Then, if localStorage.getItem("authToken") is false, we go to the /login route by calling next('./login). Otherwise, we proceed by calling next().

Per-Route Guard

In a similar way, we can define per-route guards as follows:

const router = new VueRouter({
  routes: [
    {
      path: '/foo',
      component: Foo,
      beforeEnter: (to, from, next) => {
        // ...
      }
    }
  ]
})

These are called before navigation is done and only run when we try to go to the /foo route.

In-Component Guards

We can define in-components in our component as follows:

const Foo = {
  template: `...`,
  beforeRouteEnter (to, from, next) {
    //...
  },
  beforeRouteUpdate (to, from, next) {
    //...
  },
  beforeRouteLeave (to, from, next) {
    //...
  }
}

We have 3 guards. They are:

*beforeRouteEnter - it's called before the route renders the component
*beforeRouteUpdate - it's called when a route that renders the component has changed, including parameter changes.
*beforeRouteLeave - it's called when the rendered route is about to be navigated away from.

Transitions

We can add transition components like any other component to add transitions to router-view.

To add transitions to a Vue app, we can use the transition component and some simple CSS:

styles.css:

.fade-enter-active,
.fade-leave-active {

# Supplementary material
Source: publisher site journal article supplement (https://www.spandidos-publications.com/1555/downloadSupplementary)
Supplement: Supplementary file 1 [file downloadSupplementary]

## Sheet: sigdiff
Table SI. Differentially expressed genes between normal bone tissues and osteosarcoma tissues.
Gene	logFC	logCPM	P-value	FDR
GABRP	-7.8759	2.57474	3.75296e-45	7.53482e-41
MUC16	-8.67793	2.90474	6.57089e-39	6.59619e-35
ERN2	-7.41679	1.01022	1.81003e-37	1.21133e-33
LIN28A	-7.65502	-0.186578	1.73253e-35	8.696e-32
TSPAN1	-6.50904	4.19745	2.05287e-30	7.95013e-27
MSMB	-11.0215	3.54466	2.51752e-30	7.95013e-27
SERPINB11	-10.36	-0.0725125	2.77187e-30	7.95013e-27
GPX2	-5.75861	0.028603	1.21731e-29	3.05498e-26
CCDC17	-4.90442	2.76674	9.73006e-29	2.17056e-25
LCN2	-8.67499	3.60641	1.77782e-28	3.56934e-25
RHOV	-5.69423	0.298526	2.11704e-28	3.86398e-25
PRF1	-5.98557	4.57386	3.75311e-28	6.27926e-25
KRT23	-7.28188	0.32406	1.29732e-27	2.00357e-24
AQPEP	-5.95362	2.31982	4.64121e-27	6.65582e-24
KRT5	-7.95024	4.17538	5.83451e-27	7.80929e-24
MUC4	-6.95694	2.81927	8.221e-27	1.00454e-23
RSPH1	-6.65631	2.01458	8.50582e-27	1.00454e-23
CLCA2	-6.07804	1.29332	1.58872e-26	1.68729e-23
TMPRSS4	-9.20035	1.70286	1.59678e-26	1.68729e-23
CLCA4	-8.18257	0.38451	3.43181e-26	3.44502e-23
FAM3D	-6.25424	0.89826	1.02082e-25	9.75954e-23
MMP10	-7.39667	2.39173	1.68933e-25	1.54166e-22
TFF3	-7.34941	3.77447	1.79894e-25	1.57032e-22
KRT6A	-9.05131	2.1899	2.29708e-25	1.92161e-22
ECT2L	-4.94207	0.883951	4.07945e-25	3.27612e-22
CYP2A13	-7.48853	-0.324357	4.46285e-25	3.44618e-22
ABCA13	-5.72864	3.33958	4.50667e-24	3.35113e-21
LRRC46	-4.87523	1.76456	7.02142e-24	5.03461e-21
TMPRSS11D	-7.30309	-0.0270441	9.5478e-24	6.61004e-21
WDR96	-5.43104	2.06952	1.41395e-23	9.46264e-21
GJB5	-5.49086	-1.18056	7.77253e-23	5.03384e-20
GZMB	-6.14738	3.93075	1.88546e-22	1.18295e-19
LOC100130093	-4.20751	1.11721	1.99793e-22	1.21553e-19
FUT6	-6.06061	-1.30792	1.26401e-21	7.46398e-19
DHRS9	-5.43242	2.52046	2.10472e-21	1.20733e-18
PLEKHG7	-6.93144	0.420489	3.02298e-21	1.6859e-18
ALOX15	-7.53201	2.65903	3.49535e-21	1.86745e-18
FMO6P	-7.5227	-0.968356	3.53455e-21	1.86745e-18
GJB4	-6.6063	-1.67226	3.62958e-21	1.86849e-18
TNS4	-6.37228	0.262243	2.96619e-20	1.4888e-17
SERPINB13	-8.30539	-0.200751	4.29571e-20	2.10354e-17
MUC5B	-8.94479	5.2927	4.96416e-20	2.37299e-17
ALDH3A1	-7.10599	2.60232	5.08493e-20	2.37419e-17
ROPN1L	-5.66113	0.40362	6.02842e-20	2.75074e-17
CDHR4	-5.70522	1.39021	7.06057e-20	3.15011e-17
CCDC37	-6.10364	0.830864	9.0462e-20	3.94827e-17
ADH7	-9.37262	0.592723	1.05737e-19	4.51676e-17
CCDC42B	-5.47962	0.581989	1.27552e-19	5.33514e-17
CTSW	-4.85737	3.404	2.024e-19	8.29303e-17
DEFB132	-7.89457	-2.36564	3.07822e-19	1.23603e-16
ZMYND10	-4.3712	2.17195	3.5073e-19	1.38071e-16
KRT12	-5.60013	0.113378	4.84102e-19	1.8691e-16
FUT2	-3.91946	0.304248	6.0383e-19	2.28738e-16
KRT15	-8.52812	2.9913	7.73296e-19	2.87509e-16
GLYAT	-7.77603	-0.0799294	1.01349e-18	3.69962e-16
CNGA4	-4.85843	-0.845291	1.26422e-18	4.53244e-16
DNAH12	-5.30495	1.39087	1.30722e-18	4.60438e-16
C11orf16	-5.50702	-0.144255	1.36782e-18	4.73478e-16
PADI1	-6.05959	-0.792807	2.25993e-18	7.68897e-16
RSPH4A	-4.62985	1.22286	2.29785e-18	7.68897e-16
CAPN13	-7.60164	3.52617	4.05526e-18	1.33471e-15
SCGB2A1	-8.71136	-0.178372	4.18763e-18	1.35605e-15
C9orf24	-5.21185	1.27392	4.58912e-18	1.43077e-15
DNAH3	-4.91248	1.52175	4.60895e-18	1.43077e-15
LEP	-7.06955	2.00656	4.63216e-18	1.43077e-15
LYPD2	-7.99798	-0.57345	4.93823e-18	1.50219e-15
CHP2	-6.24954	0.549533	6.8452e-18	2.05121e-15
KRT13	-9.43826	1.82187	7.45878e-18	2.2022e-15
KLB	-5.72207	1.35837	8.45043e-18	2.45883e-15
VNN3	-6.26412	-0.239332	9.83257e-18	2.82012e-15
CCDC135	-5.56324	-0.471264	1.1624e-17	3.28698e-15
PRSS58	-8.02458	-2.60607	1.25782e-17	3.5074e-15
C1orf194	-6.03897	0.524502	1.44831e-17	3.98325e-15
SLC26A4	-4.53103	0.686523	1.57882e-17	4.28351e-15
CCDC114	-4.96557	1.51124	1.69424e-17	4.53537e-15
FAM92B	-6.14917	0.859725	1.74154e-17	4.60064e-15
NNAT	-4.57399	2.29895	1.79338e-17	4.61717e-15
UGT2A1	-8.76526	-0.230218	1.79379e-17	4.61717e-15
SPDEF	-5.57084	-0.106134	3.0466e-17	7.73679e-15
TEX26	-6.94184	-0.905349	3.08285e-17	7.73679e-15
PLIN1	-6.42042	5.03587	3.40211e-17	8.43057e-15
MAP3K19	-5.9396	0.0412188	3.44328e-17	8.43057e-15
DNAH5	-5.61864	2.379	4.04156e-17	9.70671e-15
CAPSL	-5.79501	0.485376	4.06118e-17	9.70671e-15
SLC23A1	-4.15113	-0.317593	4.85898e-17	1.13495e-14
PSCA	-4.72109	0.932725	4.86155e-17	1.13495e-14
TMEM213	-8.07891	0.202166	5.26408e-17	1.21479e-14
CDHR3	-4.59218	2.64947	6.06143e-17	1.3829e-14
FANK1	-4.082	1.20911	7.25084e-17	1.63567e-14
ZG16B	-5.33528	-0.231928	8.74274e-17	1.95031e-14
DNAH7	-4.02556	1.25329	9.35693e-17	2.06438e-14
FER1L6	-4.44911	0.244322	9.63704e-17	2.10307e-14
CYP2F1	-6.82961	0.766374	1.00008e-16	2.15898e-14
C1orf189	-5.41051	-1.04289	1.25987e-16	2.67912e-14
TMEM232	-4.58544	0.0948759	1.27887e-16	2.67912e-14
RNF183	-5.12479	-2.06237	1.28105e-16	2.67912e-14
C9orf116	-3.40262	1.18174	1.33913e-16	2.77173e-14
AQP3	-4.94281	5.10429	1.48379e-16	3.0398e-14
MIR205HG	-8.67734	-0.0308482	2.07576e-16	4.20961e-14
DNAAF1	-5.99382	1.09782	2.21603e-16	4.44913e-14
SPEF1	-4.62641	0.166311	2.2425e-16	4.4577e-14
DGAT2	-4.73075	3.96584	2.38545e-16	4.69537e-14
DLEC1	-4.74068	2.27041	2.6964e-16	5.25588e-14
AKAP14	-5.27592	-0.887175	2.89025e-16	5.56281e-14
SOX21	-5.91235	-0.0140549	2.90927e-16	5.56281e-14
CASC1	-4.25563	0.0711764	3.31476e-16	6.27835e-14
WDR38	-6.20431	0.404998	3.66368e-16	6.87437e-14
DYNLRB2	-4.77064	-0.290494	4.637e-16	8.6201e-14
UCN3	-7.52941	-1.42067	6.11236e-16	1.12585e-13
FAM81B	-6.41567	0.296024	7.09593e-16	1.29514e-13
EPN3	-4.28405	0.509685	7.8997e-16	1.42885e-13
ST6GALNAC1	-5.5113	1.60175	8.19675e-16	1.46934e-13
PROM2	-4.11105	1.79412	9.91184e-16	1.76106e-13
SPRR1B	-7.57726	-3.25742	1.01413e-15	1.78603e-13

transition: opacity 0.9s;
}
.fade-enter,
.fade-leave-to {
  opacity: 0;
}

index.js:

const Foo = {
  template: `<div>foo</div>`
};

const Bar = {
  template: `<div>bar</div>`
};

const router = new VueRouter({
  routes: [
    {
      path: "/foo",
      component: Foo
    },
    {
      path: "/bar",
      component: Bar
    }
  ]
});

const app = new Vue({
  router,
  el: "#app"
});

index.html:

<!DOCTYPE html>
<html lang="en">
  <head>
    <title>App</title>
    <script src="https://unpkg.com/vue/dist/vue.js"></script>
    <script src="https://unpkg.com/vue-router/dist/vue-router.js"></script>
    <link rel="stylesheet" href="./styles.css" />
  </head>
  <body>
    <div id="app">
      <router-link to="/foo">Foo</router-link>
      <router-link to="/bar">Bar</router-link>
      <transition name="fade">
        <router-view></router-view>
      </transition>
    </div>
    <script src="./index.js"></script>
  </body>
</html>

In the code above, we added the styles in styles.css to create our CSS route transition effects. We just changed the opacity for a short moment to add the fade effect.

Then, we added the transition component with the name attribute set to fade so that we can use the classes with the fade- prefix in styles.css to style the transition effects.

In the end, when we click on the router-link, we'll see the fade effect.

Conclusion

We can use Vue Router to map URL paths to components.

To get route params, we watch the $route object in our components.

We can also add nested routes by adding a children property with nested routes.

Also, we can add a components property to our route and name our router-view to add multiple router-view.

To intercept navigation and do something, we can add navigation guards for various stages of navigation.

Finally, we can use the transition component with some CSS to create route transition effects.

Before deploying your commercial or enterprise Vue apps to production, make sure you are protecting their code against reverse-engineering, abuse, and tampering by following our tutorial.

John Au-YeungWeb developer. Experienced in JavaScript, React, Angular, Vue.js, and Node.js.